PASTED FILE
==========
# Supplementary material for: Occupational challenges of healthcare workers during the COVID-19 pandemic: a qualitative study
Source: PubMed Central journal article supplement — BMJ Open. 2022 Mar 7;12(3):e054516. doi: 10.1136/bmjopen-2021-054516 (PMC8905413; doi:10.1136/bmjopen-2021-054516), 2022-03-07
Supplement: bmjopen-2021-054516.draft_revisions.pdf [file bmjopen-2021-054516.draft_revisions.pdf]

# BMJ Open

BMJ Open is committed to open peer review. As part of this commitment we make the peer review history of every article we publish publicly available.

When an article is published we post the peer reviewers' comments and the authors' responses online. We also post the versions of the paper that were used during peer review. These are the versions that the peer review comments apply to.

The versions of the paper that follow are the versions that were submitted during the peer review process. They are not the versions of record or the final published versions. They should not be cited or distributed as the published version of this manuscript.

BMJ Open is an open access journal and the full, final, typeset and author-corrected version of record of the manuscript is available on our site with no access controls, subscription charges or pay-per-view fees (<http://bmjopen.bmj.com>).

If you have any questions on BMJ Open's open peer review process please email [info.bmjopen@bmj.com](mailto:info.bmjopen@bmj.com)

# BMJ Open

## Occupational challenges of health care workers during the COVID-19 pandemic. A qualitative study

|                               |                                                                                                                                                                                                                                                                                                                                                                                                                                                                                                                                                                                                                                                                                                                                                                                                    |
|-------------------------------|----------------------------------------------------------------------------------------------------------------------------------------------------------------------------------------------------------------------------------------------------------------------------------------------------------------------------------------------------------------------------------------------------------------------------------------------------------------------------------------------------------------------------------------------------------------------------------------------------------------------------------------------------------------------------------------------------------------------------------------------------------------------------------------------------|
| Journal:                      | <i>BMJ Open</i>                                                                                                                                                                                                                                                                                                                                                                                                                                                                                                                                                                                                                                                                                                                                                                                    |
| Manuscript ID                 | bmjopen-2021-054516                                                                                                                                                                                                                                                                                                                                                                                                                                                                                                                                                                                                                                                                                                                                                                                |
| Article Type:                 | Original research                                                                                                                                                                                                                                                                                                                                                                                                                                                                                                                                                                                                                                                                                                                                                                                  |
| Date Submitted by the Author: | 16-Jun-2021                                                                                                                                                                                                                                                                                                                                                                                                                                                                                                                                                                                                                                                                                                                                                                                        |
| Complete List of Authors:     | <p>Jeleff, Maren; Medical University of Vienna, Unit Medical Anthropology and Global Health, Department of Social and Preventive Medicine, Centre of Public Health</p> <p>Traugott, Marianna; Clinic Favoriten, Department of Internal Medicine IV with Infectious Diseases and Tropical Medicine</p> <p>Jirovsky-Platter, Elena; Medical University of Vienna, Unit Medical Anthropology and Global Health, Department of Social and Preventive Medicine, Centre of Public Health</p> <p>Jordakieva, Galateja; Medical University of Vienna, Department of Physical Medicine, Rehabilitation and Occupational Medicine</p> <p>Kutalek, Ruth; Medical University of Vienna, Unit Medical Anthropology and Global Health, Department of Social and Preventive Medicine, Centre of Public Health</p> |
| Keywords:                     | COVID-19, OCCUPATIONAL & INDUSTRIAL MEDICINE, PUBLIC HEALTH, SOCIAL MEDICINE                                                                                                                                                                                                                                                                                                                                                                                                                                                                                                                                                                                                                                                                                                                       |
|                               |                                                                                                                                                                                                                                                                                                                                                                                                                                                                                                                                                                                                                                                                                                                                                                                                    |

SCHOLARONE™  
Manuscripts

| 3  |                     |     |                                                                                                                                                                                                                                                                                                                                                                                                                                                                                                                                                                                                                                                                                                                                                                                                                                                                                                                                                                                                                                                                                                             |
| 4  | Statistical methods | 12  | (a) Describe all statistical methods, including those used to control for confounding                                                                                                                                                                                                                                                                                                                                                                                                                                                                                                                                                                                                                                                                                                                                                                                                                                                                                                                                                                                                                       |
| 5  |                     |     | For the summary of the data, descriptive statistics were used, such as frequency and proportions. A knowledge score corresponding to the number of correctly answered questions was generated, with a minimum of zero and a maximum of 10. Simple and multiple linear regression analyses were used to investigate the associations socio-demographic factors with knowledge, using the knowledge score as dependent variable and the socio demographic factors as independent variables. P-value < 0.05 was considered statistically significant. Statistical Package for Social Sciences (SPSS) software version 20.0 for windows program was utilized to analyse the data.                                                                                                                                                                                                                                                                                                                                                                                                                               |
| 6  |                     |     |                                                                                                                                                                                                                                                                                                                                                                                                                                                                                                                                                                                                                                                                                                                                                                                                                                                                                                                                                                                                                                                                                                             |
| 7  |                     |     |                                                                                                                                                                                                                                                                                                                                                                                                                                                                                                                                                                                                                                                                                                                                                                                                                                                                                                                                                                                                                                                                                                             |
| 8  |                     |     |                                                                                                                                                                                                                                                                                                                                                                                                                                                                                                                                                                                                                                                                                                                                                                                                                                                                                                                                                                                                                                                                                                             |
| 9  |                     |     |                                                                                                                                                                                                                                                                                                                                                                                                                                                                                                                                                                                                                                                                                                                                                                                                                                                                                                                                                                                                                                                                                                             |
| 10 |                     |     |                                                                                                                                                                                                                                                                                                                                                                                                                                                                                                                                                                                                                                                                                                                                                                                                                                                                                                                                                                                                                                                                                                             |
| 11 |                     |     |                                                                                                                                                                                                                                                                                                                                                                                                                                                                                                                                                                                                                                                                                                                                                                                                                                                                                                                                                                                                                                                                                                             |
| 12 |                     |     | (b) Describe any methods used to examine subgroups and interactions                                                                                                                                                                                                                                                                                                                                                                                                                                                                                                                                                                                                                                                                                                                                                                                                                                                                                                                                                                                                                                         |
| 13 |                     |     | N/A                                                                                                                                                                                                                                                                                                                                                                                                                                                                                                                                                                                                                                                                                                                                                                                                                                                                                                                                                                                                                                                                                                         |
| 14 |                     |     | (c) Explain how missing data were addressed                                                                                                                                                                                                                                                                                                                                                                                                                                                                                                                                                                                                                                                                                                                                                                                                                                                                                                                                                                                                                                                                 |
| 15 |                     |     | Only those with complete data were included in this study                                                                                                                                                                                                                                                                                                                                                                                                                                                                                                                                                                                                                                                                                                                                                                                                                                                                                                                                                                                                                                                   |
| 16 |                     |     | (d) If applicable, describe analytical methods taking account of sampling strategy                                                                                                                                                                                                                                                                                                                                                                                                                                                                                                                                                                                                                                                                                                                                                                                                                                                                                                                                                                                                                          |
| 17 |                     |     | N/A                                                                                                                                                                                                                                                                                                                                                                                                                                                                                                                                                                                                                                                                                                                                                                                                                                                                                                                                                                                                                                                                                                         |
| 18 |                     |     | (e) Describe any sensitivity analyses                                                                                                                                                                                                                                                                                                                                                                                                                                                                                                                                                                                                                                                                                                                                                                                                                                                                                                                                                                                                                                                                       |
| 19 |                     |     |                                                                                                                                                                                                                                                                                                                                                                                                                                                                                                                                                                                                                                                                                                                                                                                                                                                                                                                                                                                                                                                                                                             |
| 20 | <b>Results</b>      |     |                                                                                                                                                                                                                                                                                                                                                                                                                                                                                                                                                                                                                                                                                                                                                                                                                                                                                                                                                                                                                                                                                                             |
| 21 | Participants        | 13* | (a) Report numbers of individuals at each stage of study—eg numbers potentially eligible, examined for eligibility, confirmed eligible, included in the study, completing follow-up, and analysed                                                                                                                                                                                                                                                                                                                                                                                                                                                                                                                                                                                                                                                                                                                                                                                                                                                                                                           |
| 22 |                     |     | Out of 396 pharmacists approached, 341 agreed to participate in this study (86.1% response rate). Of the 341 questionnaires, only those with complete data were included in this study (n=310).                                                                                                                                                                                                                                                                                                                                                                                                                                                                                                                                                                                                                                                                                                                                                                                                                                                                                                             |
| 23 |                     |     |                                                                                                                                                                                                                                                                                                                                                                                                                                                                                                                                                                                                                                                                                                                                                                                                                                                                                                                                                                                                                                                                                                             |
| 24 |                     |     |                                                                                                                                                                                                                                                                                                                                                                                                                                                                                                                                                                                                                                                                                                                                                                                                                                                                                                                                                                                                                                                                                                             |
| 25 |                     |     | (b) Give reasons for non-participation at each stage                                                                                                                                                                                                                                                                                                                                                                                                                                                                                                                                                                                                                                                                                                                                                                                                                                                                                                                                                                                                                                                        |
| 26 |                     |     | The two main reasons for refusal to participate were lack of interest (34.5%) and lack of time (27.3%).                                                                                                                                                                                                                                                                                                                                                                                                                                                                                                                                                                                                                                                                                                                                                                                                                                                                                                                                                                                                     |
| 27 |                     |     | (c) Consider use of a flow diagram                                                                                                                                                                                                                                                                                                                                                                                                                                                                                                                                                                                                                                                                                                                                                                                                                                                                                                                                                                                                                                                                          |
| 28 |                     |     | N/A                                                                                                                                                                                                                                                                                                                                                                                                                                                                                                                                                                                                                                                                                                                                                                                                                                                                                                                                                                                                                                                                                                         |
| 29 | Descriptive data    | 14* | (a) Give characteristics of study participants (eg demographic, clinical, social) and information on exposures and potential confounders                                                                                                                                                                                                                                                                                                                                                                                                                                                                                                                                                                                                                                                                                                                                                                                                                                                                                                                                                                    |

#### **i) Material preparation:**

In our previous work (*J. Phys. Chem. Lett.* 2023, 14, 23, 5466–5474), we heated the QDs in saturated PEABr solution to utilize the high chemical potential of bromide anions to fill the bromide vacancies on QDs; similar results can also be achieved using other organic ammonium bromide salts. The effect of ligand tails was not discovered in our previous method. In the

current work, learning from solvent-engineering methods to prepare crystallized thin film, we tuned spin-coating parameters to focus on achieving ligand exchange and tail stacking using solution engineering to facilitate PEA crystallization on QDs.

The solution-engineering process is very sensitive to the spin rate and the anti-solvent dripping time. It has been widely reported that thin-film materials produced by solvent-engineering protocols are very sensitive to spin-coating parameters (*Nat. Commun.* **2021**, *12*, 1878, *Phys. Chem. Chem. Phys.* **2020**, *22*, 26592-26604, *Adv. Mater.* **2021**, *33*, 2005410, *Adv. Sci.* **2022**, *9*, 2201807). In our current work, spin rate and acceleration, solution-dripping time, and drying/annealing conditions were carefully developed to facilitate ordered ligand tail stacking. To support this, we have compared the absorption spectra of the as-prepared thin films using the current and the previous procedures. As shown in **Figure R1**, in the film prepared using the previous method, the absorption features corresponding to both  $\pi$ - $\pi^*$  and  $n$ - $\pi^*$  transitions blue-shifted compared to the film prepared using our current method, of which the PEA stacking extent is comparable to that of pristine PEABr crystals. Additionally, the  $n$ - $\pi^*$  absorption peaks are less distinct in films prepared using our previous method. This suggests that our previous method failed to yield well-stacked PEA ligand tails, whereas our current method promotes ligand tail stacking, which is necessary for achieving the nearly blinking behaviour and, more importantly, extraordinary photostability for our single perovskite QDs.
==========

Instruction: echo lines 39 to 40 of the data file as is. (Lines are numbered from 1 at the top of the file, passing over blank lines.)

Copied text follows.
| 19 |                     |     |                                                                                                                                                                                                                                                                                                                                                                                                                                                                                                                                                                                                                                                                                                                                                                                                                                                                                                                                                                                                                                                                                                             |
| 20 | <b>Results</b>      |     |                                                                                                                                                                                                                                                                                                                                                                                                                                                                                                                                                                                                                                                                                                                                                                                                                                                                                                                                                                                                                                                                                                             |